|Publication number||US4684238 A|
|Application number||US 06/872,324|
|Publication date||Aug 4, 1987|
|Filing date||Jun 9, 1986|
|Priority date||Jun 9, 1986|
|Also published as||DE3778213D1, EP0249385A2, EP0249385A3, EP0249385B1|
|Publication number||06872324, 872324, US 4684238 A, US 4684238A, US-A-4684238, US4684238 A, US4684238A|
|Inventors||Henry R. Till, Fredrick A. Warner, Charles A. Radulski|
|Original Assignee||Xerox Corporation|
|Export Citation||BiBTeX, EndNote, RefMan|
|Patent Citations (9), Referenced by (102), Classifications (9), Legal Events (6)|
|External Links: USPTO, USPTO Assignment, Espacenet|
This invention relates generally to an electrostatographic printing machine, and more particularly concerns an apparatus for transferring a liquid image having at least a liquid carrier with toner particles from a photoconductive member to a copy sheet.
In electrophotographic printing, a charged photoconductive member is exposed to a light image of an original document. The irradiated area of the photoconductive surface is charged to record an electrostatic latent image thereon corresponding to the informational area contained within the original document. Generally, the electrostatic latent image is developed by bringing a developer mixture into contact therewith. A dry developer mixture usually comprises carrier granules having toner particles adhering triboelectrically thereto. Toner particles are attracted from the carrier granules to the latent image forming a toner powder image thereon. Alternatively, a liquid developer material may be employed. The liquid developer material includes a liquid carrier having toner particles dispersed therein. The liquid developer material is advanced into contact with the electrostatic latent image and the toner particles are deposited thereon in image configuration. After the toner particles have been deposited on the photoconductive surface, in image configuration, it is transferred to a copy sheet. Generally, when a liquid developer material is employed, the copy sheet is wet with both the toner particles and the liquid carrier. Thus, it becomes necessary to remove the liquid carrier from the copy sheet. This may be accomplished by drying the copy sheet prior to fusing the toner particles thereto or relying upon the fusing process to permanently fuse the toner particles to the copy sheet as well as vaporizing the liquid carrier adhering thereto. Clearly, it is desirable to refrain from transferring any liquid carrier to the copy sheet. Thus, it is advantageous to transfer the developed image to an intermediate web or belt and subsequently remove the liquid carrier therefrom prior to the transfer of the toner particles to the copy sheet. The following disclosures appear to be relevant:
U.S. Pat. No. 4,232,961,
Issued: Nov. 11, 1980,
U.S. Pat. No. 4,420,244,
Issued: Dec. 13, 1983,
U.S. Pat. No. 4,514,078,
Patentee: Beduchaud et al.,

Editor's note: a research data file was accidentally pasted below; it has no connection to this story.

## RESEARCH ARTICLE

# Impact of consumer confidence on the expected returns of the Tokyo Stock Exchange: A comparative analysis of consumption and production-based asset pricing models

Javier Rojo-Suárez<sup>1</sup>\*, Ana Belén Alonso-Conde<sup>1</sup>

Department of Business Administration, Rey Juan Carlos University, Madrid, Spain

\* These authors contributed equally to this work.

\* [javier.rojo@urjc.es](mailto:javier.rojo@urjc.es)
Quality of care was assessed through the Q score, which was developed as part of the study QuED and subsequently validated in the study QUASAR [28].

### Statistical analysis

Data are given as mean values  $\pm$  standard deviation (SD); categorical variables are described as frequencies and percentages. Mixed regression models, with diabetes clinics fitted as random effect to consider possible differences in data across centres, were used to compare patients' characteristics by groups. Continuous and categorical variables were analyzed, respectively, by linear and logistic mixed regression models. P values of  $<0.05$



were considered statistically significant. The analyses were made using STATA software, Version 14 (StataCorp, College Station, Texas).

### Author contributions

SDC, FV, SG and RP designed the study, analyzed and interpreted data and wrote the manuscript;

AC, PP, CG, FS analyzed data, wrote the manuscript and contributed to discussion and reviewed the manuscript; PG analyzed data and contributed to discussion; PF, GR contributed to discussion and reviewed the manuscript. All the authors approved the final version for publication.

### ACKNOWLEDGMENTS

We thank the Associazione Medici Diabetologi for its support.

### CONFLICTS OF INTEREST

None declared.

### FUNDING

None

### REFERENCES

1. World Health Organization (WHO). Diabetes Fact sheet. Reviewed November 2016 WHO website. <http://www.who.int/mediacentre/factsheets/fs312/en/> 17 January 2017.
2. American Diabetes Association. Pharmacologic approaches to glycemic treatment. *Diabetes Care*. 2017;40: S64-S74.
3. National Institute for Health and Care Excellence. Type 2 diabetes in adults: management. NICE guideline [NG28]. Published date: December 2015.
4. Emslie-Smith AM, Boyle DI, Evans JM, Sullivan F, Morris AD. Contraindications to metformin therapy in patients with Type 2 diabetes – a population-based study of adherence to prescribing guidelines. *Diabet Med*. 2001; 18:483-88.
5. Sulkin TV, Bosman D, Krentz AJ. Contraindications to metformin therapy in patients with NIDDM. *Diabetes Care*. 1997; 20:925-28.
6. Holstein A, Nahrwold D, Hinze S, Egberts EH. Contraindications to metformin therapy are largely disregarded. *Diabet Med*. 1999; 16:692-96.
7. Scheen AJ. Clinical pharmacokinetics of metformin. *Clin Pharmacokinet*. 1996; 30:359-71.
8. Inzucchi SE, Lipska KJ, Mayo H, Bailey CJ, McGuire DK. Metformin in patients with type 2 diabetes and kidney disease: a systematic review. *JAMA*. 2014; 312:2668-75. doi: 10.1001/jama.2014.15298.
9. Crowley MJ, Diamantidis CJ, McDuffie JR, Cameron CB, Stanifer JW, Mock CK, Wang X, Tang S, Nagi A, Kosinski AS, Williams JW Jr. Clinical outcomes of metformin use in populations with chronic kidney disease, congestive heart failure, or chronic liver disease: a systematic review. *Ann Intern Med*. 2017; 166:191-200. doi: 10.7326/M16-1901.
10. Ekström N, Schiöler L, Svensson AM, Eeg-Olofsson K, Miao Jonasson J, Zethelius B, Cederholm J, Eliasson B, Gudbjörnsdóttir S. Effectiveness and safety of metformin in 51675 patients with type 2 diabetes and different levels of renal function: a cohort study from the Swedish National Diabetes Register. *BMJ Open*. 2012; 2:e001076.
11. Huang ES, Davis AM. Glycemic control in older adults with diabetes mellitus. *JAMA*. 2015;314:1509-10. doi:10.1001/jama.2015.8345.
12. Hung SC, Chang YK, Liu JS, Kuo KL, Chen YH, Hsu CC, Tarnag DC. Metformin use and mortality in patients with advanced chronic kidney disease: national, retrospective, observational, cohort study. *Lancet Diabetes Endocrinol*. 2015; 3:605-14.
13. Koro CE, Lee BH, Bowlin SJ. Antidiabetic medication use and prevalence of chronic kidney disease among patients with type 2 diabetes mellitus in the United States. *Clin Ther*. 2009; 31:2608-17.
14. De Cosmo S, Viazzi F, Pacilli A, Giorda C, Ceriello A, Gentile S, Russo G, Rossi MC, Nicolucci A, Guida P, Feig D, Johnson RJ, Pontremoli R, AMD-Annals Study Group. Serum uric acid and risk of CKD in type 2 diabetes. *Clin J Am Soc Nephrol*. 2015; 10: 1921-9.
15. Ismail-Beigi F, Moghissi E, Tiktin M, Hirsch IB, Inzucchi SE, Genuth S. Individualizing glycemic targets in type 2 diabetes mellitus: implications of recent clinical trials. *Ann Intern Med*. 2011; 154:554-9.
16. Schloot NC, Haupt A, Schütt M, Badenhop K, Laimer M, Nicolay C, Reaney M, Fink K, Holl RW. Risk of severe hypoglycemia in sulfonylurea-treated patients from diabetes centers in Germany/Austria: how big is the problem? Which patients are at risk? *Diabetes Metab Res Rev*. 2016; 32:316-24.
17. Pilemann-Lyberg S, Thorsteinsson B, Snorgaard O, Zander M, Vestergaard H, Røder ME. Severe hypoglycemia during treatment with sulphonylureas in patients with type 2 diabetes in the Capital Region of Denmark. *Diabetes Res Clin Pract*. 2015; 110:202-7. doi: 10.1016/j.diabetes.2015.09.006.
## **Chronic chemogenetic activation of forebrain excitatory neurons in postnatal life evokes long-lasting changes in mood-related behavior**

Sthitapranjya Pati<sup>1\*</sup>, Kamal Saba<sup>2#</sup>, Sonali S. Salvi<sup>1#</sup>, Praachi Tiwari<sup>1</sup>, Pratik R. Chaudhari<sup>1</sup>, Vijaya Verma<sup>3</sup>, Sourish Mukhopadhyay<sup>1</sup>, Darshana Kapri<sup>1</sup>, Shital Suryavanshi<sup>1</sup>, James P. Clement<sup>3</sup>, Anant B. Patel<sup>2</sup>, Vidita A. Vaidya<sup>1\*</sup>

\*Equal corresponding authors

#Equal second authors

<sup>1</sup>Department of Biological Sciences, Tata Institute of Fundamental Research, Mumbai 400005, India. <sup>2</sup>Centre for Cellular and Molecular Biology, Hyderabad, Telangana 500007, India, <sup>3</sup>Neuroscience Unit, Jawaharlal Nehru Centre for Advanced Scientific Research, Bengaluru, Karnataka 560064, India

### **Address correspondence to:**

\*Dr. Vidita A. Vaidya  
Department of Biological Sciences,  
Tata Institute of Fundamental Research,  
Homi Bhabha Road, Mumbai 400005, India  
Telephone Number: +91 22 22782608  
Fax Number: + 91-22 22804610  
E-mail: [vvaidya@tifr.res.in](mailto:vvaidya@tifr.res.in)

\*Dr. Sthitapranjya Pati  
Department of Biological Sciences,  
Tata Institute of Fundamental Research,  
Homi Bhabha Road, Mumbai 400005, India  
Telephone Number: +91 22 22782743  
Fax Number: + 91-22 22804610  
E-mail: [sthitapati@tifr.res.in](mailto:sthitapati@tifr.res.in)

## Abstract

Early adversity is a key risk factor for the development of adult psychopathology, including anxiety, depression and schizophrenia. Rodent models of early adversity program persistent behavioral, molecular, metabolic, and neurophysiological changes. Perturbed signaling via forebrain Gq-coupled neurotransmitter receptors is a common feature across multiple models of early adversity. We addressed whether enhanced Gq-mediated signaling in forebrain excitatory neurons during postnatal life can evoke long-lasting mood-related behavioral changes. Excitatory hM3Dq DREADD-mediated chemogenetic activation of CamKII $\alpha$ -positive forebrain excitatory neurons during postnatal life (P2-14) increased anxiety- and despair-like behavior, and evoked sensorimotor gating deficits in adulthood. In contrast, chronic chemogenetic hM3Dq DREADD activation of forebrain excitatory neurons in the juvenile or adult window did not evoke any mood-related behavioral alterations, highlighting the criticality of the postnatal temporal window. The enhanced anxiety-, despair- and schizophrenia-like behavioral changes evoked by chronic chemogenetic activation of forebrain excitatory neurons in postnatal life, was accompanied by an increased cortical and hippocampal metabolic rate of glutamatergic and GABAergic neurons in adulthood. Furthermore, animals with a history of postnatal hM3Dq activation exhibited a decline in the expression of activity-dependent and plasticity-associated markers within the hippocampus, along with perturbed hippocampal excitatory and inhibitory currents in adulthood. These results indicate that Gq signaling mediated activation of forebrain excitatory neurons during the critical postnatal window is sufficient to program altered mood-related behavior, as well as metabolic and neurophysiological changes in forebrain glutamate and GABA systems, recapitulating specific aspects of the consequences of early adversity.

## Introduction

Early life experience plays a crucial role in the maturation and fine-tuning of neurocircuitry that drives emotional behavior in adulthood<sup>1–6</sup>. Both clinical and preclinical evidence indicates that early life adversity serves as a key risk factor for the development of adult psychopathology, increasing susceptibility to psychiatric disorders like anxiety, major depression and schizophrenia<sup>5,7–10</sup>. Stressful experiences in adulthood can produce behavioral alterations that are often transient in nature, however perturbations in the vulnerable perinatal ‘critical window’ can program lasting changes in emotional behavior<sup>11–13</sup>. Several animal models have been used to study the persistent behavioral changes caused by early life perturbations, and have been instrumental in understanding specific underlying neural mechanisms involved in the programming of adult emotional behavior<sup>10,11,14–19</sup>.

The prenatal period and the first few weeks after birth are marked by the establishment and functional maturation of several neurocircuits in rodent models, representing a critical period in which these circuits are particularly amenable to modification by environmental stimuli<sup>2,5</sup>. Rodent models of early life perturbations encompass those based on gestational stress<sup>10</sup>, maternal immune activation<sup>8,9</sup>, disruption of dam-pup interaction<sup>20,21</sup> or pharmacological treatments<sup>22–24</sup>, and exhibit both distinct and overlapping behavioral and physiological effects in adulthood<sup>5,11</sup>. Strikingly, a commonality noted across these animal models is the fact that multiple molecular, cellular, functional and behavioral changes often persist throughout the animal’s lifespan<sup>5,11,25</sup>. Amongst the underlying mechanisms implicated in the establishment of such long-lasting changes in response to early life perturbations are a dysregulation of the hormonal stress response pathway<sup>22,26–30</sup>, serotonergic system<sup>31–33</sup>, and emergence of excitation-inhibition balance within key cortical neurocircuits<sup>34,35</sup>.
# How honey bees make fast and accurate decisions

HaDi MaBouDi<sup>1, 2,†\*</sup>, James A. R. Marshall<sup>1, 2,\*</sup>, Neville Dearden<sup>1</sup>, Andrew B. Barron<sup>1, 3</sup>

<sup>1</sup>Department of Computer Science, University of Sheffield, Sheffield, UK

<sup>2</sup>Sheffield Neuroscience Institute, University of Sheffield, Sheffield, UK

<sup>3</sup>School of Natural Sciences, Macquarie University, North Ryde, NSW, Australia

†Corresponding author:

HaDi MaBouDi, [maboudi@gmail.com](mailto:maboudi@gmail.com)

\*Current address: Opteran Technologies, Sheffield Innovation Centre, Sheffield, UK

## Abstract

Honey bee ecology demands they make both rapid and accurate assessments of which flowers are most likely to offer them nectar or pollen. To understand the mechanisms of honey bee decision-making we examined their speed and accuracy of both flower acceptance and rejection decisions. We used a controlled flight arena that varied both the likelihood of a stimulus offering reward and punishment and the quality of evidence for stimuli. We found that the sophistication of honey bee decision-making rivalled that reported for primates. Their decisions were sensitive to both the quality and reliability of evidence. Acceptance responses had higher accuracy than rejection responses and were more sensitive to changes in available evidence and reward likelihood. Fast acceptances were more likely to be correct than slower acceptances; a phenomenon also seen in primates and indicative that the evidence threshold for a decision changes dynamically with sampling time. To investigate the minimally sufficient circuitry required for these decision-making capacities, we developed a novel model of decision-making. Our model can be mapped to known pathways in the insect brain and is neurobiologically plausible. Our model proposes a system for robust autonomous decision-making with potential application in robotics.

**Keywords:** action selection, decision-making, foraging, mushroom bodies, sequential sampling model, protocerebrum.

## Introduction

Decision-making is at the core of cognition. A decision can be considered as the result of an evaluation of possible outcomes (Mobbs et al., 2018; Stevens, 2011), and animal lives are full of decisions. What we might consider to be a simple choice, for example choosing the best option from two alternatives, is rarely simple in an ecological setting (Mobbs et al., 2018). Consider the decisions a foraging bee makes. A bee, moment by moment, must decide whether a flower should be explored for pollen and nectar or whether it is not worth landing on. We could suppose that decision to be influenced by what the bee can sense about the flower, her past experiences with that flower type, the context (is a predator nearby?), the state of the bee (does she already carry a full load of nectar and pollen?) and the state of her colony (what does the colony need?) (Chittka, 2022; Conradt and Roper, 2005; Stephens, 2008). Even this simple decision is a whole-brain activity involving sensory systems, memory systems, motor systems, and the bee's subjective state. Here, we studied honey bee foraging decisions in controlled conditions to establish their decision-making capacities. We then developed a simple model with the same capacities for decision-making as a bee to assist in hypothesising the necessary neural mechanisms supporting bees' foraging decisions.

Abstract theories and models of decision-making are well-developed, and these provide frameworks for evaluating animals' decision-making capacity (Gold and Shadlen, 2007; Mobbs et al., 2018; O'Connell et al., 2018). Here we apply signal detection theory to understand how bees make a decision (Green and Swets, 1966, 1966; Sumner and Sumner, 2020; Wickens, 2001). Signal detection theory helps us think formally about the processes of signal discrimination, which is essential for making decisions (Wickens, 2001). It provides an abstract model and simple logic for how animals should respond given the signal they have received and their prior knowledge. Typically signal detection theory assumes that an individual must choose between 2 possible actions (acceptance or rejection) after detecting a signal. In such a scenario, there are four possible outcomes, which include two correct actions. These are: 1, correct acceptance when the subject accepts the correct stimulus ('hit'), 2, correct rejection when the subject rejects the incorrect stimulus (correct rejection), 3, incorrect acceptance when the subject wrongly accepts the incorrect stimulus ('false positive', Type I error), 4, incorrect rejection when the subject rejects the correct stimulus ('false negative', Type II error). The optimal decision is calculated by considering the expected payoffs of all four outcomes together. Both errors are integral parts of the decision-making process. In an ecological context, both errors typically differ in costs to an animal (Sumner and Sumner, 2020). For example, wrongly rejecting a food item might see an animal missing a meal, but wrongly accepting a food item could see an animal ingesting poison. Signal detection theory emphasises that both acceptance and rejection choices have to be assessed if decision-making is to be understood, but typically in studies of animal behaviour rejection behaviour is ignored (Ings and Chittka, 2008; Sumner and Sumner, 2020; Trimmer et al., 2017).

Issued: Apr. 30, 1985,
U.S. Pat. No. 4,556,309,
Patentee: Weber et al.,
Issued: Dec. 3, 1985,
U.S. Pat. No. 4,559,509,
Issued: Dec. 17, 1985,
U.S. Pat. No. 4,560,268,
Issued: Dec. 24, 1985.
The relevant portions of the foregoing patents may be briefly summarized as follows:
Masuda discloses the use of an image transfer contact roller which urges the image transfer belt against the photoreceptor drum. The contact roller is comprised of two rollers, along with a charger interposed between the rolls.
Landa describes the use of a reverse roller which reduces the excess liquid on the developed image before transfer and also acts as a metering device with a biased potential applied thereon.
Beduchaud et al. discloses the use of a potential difference between an auxiliary roller and a pressure roller to facilitate image transfer.
Weber et al. describes an intermediate transfer medium which is brought into intimate contact with an electrophotographic member to facilitate the transfer of toner pigments by the use of a high intensity electrical field.
Mayer discloses a double potential bias system which improves the transferring capability between a transfer roller and a photoconductive drum.
Nishimura discloses a restart roller and a toner recovery roller. The restart roller has a discharge lamp or charger which attenuates the holding force of the electrostatic charges which define the electrostatic image on the photoconductive drum. This allows the smooth transfer of the toner image to the transfer sheet.
In accordance with one aspect of the present invention, there is provided an apparatus for transferring a liquid image having at least a liquid carrier with toner particles dispersed therein from the member to the copy sheet. The apparatus includes an intermediate member positioned to have at least a portion thereof contacting the member in a transfer zone. Means, located in the transfer zone, attract the liquid image from the member to the intermediate member. Means are provided for removing liquid carrier from the intermediate member and compacting the toner particles thereon in image configuration. Means transfer the toner particles from the intermediate member to the copy sheet in image configuration.
Pursuant to another aspect of the features of the present invention, there is provided an electrophotographic printing machine of the type having a liquid image of liquid carrier with toner particles dispersed therein formed on a photoconductive member. An intermediate member is positioned to have at least a portion thereof contacting the photoconductive member in a transfer zone. Means, located in the transfer zone, attract the liquid image from the photoconductive member to the intermediate member. Means remove liquid carrier from the intermediate member and compact the toner particles thereon in image configuration. Means are provided to transfer the toner particles from the intermediate member to the copy sheet in image configuration.
Other aspects of the present invention will become apparent as the following description proceeds and upon reference to the drawings, in which: